Saturday, July 27, 2013
The Place Among the Pines
Jon Ericson was a scientist and pioneer in fields such as prenatal and early childhood health. His research found links between neurotoxins and behavioral disorders, environmental lead and ADHD, and other metals and ravages of modernity. We worked on a childhood lead study in south-central Los Angeles, a scaled-back version of his epidemiological projects in Mexico. He taught us research methods and encouraged us to learn geographic information systems. I remember him most for the stories he told and his warnings about the safety of mundane objects, including the pillow as toxic sink and daily dose of flame retardants. He was a kind man who was ahead of his time. I was sad to see him go. This summer, we lost another champion of environmental health, Senator Frank Lautenberg of New Jersey. Their shared concerns can steady us through the dizzying drudgery of toxic chemical reform.
The summer repeatedly brought attention to the need to update our chemical laws. National Pollinator Week began with 50,000 dead bees at a Target parking lot, victims of a whimsical-sounding insecticide called "Safari." The European Union banned yet another pesticide that posed an "acute risk to honeybees" in corn and sunflower fields. Farmworkers endured their own risks of acute pesticide poisoning, as FIFRA's Worker Protection Standard failed to safeguard even those who followed its restricted entry intervals and controls. "Pesticide drift," which was not well documented when the standard was updated, made the news again. Chemical plants ruptured and released toxins beyond their permit allotments. One in Geismar, Louisiana sent nearly sixteen tons of VOCs into the air, followed by the usual dance between state and citizen monitors. We debated the hazards of hundreds of millions of tons of coal ash, years after a risk assessment found that living within a mile of an unlined coal ash pond presents a one-in-fifty elevated lifetime cancer risk. The amount of crude oil released from the Deepwater Horizon blowout remained up for grabs, as was the relative toxicity of Corexit 9527 and 9500, dispersants that hid the spill from full view. And the Toxic Substances Control Act (TSCA), the heart of our chemical program, dead letter, "high risk of waste, fraud, abuse, and mismanagement," and grandfather of tens of thousands, soldiered on. Our psychological immune system has grown to handle these reports - we may not work a field, live near a plant, or subsist from a certain body of water. But in the nearly forty years since TSCA was enacted, much has changed that puts the lie to this sense of safety. Our ability to detect chemicals and track their movement in various media has improved, even as the etiology of certain diseases and why they might cluster prove stubborn. We recognize the sensitivity of vulnerable subpopulations, including children, to toxic exposure. And the Centers for Disease Control (CDC) and others are aware of new sites of contamination, toxic sinks that rival the dumps and fenced-off fields of old. It turns out that we are those sites.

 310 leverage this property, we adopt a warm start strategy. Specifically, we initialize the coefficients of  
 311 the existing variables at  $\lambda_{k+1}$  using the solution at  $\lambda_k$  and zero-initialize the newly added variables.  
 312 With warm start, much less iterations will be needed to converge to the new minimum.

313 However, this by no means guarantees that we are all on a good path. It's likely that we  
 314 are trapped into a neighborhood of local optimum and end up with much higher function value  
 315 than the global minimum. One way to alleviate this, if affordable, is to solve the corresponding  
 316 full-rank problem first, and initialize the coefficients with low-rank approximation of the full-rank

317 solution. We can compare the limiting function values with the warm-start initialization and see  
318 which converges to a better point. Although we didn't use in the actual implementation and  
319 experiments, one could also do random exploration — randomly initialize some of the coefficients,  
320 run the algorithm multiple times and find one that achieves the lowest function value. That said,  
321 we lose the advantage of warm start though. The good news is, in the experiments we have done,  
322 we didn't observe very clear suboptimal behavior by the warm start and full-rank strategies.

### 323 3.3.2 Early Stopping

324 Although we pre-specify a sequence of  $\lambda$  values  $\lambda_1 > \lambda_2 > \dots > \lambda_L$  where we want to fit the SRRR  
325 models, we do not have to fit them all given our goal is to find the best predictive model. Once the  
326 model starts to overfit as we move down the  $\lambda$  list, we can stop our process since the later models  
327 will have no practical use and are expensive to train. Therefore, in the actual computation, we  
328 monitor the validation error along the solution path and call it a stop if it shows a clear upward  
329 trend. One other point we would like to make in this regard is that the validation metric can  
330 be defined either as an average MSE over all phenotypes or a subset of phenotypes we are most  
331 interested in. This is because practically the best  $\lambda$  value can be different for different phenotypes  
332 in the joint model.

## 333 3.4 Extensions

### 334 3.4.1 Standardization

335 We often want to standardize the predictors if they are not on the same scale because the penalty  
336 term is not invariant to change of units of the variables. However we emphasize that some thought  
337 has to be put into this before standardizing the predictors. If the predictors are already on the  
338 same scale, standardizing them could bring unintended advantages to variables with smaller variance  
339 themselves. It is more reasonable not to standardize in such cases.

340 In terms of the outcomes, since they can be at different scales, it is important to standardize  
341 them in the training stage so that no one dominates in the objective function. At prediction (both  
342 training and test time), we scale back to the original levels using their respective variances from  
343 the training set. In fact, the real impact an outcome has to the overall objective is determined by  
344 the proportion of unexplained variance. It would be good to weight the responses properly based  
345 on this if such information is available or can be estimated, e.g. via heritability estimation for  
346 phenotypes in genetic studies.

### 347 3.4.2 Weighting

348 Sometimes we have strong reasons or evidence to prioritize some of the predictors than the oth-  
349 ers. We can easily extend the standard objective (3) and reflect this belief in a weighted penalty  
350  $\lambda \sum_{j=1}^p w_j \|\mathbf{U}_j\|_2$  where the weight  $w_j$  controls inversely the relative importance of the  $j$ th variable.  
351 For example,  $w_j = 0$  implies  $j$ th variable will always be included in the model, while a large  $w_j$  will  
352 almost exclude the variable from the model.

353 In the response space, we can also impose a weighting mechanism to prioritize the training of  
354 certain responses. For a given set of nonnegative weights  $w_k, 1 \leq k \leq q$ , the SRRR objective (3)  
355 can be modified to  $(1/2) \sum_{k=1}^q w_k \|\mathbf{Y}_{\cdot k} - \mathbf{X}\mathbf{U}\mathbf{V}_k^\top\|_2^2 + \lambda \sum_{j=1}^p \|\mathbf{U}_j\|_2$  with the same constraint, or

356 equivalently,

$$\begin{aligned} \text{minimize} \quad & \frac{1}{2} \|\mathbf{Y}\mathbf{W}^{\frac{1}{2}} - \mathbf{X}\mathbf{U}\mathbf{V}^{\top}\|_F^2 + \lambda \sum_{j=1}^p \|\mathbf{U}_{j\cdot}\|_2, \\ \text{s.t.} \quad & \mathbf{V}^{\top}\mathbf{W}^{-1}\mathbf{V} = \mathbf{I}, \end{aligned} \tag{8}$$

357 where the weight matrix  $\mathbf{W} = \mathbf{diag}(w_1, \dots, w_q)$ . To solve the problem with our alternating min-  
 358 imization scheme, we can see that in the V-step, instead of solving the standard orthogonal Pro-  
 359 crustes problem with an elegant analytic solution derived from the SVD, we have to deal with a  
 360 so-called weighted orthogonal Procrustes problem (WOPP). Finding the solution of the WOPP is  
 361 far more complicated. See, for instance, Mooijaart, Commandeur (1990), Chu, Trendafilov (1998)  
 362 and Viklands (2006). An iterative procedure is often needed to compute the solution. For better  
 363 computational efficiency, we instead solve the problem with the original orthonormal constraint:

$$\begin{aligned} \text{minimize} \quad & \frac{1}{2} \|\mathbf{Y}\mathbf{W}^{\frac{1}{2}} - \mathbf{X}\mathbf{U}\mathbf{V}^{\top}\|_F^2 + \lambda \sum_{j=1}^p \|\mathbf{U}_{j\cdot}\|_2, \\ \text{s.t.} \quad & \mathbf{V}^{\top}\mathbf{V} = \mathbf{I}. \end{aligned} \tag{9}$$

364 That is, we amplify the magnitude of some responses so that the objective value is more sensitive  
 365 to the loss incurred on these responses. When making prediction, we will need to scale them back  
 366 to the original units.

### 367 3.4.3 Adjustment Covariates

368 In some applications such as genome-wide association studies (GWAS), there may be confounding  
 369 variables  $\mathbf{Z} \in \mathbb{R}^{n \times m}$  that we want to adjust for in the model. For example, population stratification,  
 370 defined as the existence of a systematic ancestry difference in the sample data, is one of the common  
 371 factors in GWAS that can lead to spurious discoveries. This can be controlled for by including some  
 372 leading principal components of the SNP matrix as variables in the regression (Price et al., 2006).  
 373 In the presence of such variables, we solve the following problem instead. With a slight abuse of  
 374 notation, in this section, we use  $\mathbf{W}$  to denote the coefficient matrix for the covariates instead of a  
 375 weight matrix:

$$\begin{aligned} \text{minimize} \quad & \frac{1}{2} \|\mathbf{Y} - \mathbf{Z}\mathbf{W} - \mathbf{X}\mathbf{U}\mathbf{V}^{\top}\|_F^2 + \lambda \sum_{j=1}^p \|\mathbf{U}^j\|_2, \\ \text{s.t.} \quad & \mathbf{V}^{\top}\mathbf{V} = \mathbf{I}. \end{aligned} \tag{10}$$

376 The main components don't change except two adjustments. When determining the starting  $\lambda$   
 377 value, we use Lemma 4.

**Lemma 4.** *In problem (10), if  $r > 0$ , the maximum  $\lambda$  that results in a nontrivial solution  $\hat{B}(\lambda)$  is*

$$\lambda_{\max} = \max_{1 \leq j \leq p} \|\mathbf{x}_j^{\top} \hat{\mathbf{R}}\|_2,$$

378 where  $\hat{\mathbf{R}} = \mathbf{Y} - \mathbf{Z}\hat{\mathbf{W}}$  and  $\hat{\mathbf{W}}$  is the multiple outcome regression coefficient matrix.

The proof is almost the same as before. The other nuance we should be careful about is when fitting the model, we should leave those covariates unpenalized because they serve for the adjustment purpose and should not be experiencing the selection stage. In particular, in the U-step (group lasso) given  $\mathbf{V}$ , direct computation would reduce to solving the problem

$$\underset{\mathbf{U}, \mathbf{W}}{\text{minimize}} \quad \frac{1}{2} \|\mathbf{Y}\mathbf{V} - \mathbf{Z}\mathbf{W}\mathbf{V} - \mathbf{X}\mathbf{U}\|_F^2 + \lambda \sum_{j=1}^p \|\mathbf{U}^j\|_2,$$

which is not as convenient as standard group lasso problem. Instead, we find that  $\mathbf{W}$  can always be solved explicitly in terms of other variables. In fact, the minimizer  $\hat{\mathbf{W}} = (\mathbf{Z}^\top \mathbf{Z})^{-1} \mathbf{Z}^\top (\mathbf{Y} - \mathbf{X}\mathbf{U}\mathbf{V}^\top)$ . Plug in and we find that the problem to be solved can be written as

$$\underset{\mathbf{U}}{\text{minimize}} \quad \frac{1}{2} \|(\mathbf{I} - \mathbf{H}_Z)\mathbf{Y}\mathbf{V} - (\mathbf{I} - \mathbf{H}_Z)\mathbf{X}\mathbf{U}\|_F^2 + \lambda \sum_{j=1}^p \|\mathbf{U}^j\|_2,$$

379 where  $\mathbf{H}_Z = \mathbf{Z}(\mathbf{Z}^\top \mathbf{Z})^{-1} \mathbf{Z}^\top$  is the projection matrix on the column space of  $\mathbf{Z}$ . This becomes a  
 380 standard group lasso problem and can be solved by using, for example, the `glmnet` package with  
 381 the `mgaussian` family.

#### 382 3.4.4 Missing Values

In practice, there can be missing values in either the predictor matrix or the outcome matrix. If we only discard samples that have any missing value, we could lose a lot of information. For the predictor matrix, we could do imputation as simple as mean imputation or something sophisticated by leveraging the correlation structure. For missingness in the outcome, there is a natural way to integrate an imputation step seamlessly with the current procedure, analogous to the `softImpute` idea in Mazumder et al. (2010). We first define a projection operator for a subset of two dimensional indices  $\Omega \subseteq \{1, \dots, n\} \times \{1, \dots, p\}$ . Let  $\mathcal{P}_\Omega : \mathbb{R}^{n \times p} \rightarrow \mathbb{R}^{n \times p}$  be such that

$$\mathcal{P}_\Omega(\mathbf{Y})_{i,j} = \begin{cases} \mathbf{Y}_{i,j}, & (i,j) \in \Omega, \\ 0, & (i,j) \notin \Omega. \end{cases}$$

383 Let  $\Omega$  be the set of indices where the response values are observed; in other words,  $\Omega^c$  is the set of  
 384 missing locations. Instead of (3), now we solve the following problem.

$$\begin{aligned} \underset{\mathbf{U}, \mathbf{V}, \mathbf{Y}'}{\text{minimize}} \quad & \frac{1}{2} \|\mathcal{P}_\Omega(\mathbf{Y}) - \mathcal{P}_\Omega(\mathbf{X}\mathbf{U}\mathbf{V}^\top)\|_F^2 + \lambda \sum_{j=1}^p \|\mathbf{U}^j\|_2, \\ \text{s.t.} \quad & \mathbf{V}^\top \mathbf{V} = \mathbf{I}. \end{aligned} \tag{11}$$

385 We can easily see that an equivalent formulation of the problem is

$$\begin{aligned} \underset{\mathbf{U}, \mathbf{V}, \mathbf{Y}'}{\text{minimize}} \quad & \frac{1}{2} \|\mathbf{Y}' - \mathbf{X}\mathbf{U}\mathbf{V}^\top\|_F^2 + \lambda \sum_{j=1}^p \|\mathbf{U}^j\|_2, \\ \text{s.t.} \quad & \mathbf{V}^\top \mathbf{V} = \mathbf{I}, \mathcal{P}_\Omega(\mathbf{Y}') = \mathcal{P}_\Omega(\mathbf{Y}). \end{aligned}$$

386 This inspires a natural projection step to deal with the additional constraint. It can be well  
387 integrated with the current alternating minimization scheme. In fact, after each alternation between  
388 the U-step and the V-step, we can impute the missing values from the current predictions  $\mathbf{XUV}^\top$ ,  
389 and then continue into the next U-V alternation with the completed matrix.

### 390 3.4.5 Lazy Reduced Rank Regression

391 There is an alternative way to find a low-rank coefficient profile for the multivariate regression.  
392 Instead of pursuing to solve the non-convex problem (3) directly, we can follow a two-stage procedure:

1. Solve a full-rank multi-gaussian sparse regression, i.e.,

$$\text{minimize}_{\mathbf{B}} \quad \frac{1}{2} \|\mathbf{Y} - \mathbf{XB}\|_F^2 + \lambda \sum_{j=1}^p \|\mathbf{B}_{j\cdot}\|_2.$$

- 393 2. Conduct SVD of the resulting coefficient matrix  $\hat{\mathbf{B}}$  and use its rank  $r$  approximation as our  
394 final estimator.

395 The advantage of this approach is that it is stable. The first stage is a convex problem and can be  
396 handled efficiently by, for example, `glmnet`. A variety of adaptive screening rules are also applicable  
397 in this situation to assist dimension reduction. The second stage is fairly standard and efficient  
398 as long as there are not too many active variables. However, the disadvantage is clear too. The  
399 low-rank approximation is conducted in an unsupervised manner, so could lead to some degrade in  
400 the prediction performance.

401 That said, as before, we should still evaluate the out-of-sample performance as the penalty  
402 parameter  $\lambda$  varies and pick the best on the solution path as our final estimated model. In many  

The significance of these trends, and the role of Professor Ericson, Senator Lautenberg, and others in promoting them, is clear by the end of Toms River (2013), a masterful account of a residential cancer cluster that is unique because it has, by the terms of modern epidemiology, a known cause. The story begins in 1949, when dye makers, who learned to coax vivid colors from the carcinogenic constituents of coal tar, built a plant on a triangular, 1,350-acre parcel in the dense pine forests of New Jersey. Before they arrived, they perfected clandestine dumping along the Rhine, poisoned shallow wells in Basel, and fled rumors of bladder cancer among workers at facilities across Europe. In other words, they were ready to unleash hell.
But this is only one of the narratives that build and merge as decades of DIY pushpin mapping, incidence studies, and multi-million-dollar investigations of cancer clusters draw to a close in the central New Jersey town. You could say that the story also begins in 1527 (advent of the medical case history and case series reports), 1700 (Diseases of Workers and early industrial hygiene), 1775 (a cancer case is medically linked to pollution, or "soot"), 1837 (modern epidemiology emerges from a cholera epidemic), the 1840s (the dye industry takes hold), 1863 (The Malignant Neoplasms ushers in microscopic pathology), 1877 (first use of infectious disease epidemiology tools to confirm a cancer cluster), 1913 (a shift from observational to experimental cancer research touches off the search for carcinogens and yields a haiku: "Cancer was produced! Proudly I walk a few steps."), and 1950 (case-control, with its focus on lifestyle factors and attempt to remove chance as a confounding factor, becomes the gold standard of epidemiology). The science weaves its way through accounts of disease and the inexorable movement of toxic plumes toward the Parkway well field, where the town took much of its water.
The early environmental management antics of Toms River Chemical (later Ciba) and Union Carbide are on display, as are the regulatory blinders - slipshod county health surveys, a gap-filled cancer registry, slow testing that hid some results (e.g., radioactivity) and obscured others (e.g., which of 50,000 chemicals do we try to find?). In Toms River, a layer of purple sludge "doesn't exist" when it lacks one of the chemicals on a Superfund target list. A facility inspection is a nightmare endured as much as an enforcement activity: "The inspectors would climb down into the landfill pit and examine the drums up close...The stench was awful, and the drums, lined up in rows and lashed together by ropes, sat on a thick bed of jet-black sludge trucked over from the wastewater treatment plant." Agencies allow carcinogens to reach a public well field, so that they can run the contaminated water through a treatment system already in place. An old chicken farm, "a foul-smelling, snow-covered wasteland, with thousands of drums lying in open, muddy trenches near some abandoned trucks," sends a plume across miles and decades and bathes the book in existential terror.